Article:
Have you ever been to a home show? If you have, you've probably seen "free-drawings" for household repairs or improvements.
Many of those companies hold the "contests" in order to get "potential client" information, such as home phone number, address, and eventually, your money.
The company will claim that they are holding a "free-drawing" for, oh, lets say 6 free windows plus installment. You give your name, address, and home phone number and within one to two days, someone will call you not to announce that you are the winner, but that you are eligible for a "free estimate."
Don't be fooled! You have no chance of winning these contests because no "drawing" ever takes place! You are providing a business with your personal information and consenting to be contacted by the company. The free estimate is normally called a "lead," in which a telemarketer will try to schedule an appointment for the business to stake out your home and see what kind of money they can make off of repairs or installation of upgrades.
Many people are tricked into consent by filling out the card and checking off a box in a section that requests information. By checking off these boxes, you are saying, "Well, if I don't win, tell me more about this product..."
To avoid one of these phone calls, you should write DO NOT CALL UNLESS A WINNER on the card. If the company calls you anyway, you must tell them DO NOT CALL, and they are required by law to take your name and phone number off of their lists.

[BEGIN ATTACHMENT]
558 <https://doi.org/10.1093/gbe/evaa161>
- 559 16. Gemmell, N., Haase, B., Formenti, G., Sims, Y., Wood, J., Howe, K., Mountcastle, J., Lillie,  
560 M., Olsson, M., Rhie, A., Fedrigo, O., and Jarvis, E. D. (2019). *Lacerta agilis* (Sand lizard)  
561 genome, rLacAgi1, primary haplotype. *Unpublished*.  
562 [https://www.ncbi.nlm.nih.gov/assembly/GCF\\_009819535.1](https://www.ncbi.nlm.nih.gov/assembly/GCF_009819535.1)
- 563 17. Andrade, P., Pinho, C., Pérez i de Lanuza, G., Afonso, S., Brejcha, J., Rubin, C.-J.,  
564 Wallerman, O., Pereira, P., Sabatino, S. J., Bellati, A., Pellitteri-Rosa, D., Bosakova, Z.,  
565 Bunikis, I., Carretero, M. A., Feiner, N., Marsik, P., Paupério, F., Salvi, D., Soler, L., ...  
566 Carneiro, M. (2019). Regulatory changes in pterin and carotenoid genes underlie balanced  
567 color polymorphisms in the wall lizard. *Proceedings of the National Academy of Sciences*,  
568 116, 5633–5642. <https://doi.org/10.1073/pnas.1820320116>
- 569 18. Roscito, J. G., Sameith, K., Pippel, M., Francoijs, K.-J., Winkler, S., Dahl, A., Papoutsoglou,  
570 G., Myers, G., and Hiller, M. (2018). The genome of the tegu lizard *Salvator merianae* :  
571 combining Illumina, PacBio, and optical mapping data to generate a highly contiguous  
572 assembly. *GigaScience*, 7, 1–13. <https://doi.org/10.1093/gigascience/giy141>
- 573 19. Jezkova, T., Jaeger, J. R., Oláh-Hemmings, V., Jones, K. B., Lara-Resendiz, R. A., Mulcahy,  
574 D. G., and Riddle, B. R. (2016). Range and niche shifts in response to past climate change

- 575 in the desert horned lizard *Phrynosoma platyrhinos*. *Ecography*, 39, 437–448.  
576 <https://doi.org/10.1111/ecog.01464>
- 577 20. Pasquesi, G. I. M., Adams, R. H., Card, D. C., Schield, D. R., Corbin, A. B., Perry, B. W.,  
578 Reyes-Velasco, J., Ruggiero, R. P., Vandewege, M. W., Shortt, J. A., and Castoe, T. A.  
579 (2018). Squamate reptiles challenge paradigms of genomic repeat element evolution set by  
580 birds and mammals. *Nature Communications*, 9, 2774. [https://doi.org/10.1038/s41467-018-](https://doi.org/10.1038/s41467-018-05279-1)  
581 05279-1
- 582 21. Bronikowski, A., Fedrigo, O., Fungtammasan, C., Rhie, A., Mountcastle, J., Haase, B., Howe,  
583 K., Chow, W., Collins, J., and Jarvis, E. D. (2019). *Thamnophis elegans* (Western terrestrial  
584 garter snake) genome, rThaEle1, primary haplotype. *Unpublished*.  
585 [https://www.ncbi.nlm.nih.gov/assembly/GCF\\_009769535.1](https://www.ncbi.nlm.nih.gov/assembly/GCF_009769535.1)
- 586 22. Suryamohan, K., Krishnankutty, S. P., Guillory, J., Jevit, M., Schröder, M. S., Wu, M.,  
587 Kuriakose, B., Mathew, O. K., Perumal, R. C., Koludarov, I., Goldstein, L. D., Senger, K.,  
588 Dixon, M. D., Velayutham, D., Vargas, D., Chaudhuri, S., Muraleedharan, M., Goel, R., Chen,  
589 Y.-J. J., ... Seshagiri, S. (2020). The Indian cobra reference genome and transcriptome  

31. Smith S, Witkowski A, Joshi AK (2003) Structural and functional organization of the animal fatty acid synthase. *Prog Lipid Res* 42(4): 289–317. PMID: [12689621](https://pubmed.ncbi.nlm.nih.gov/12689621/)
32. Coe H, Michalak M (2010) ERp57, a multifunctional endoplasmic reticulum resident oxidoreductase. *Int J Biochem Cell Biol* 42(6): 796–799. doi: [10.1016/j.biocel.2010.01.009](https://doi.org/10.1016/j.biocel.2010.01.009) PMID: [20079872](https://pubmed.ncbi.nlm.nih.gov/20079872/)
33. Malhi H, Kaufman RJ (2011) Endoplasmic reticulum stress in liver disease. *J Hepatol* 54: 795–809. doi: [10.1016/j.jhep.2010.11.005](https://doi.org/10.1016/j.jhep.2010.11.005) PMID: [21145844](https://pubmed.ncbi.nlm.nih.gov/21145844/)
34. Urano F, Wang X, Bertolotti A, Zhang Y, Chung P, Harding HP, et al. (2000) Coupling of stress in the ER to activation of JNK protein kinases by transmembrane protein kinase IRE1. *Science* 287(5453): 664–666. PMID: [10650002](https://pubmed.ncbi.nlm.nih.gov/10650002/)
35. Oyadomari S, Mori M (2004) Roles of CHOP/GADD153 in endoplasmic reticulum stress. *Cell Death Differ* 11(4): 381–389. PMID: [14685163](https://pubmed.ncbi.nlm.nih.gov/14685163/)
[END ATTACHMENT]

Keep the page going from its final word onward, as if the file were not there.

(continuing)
As for telemarketers in general, there are specific times when they may not call and laws they must abide by. If you do not wish to speak to them, instead of saying "I'm eating dinner," tell them to remove your name and phone number. Check with the Federal Trade Commission for more information. http://www.ftc.gov
Before you sign up for a contest, here are signs as to its legitimacy:
Fake contests will have no rules. Ask for a copy of the rules, and if you are not provided with a copy or an original is not shown to you, the contest is a phony.
Ask several people about the nature of the contest. If everyone is willing to give you answers or information is conflicting, the contest is fake. This is because the company will normally instruct their salespeople to "make it up as they go along."
Ask for clarification. If you are speaking to a salesperson who does not know an answer but does not direct you to an informative source, the chances are very likely that it is a fake contest.
Salespeople are very focused on their contest rather than their company's products when they are conducting a fake contest. If they seem more concerned with getting you to sign a "free drawing" card than showing you around the display area, the company is most likely hosting a fake contest.
If you discover one of these contests, you can suggest an investigation to the Better Business Bureau or the Federal Trade Commission. Also, be sure to check into local laws concerning free-drawing" contests. Many states consider this a lottery of sorts and hold strict regulations as to how they are conducted.